- By John Monroe
- Mar 24, 2002
The possibilities for information technology to aid in homeland security seem endless, and government agencies appear willing to explore all the options. But if one theme has emerged in the past six months, it's that information matters.
In the first weeks after Sept. 11, government officials considered whether their agencies had any information that, if it had come to the attention of the right people, might have helped avert the tragedy. Did the alleged terrorists leave an information trail through Immigration and Naturalization Service, the FBI and other databases? The debate continues.
In recent months, though, federal, state and local agencies have turned their attention to another aspect of homeland security — not prevention, but response. How might IT aid the "first responders," the public safety and health agencies that are the first on the scene when disaster strikes?
Consider a chemical spill. There's always the straightforward challenge of getting a crew on site in short order to contain the spill and clear the area so no one is harmed. But is it possible to assist that crew by providing them with access to a computer database or electronic maps to learn more about the dangers of the chemicals involved and the possible impact it may have on the surrounding area?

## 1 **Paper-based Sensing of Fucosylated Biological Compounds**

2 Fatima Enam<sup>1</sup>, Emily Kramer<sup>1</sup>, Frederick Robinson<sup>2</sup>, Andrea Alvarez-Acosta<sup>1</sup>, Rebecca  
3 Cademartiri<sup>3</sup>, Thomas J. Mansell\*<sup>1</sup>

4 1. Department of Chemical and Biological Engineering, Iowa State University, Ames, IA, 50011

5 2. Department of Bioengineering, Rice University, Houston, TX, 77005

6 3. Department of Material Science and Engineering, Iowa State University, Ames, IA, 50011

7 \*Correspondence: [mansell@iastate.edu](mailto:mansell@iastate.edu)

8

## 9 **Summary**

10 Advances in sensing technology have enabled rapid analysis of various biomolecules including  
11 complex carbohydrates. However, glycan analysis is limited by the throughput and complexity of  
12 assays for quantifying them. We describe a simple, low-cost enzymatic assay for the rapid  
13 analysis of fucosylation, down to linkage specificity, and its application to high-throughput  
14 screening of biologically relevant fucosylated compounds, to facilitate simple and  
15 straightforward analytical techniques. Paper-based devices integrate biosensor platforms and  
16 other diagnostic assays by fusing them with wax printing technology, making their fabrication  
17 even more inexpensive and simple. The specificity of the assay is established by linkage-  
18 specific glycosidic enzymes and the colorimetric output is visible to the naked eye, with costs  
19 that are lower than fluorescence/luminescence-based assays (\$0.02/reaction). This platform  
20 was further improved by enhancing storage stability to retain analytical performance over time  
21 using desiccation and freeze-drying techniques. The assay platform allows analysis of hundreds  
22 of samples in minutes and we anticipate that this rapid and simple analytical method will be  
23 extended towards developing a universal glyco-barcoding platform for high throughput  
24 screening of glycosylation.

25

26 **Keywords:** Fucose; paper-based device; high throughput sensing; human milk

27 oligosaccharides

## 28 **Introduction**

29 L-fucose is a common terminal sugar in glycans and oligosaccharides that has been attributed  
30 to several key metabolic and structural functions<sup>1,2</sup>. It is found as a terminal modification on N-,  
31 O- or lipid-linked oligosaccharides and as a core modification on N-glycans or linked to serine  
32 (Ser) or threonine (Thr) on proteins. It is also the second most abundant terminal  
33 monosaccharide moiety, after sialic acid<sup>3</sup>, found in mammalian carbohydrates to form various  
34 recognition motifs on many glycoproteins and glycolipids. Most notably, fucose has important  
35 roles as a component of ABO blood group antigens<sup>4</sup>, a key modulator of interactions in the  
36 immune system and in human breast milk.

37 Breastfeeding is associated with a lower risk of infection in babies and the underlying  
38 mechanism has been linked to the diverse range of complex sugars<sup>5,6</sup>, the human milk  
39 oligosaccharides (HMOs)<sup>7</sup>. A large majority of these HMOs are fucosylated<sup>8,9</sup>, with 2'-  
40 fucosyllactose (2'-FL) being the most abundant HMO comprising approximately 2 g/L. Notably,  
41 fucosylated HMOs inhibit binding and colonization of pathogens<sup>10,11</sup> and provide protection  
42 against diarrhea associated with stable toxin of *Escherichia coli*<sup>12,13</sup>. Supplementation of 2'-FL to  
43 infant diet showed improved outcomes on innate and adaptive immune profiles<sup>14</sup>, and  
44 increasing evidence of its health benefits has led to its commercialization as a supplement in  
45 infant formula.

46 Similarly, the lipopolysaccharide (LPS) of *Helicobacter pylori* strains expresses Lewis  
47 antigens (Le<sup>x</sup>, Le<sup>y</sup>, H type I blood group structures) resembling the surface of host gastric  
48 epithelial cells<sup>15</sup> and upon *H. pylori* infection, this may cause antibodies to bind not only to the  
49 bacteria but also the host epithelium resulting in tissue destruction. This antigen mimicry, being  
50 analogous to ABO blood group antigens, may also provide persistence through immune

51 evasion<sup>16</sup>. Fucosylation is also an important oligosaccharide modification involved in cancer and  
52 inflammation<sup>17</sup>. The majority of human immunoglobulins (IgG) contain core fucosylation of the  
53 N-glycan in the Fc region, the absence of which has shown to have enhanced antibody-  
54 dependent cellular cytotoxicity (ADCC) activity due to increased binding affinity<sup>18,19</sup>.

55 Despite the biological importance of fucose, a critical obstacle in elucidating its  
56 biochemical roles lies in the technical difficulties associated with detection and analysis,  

Many people agree that the ideas are appealing, but they aren't sure how to make it all happen. This Homeland Security special report attempts to help government agencies tackle this challenge. In the following pages, we explore several situations that have arisen in the past six months.
The first article, "A fast track to information sharing," examines the emerging market for software designed to help first responders deal with disasters by giving them access to valuable information. The pitch is tantalizing: Invest in this technology because of homeland security concerns, but see the payback whenever disasters occur, manmade or natural.
"Filling the communications gap" looks at one of the increasingly popular means of providing people in the field with Internet access — commercial satellite services. In theory, it's a straightforward case of loading a network server and satellite dish on a truck and getting on the road. But it may not be as simple as it sounds.
Finally, "The eye of the storm" highlights another potential model for information delivery — the Pacific Disaster Center. This center, established in Maui in 1996, brings together geographic information systems and other IT resources that might aid when disaster strikes. Its plans include developing regional Web portals in response to specific events.
Homeland security is constantly evolving, as new ideas come up and new problems emerge. This special report, the first of four this year in Federal Computer Week, does not address all of the issues, but we hope it serves as a useful starting point for thinking about the challenges and identifying solutions.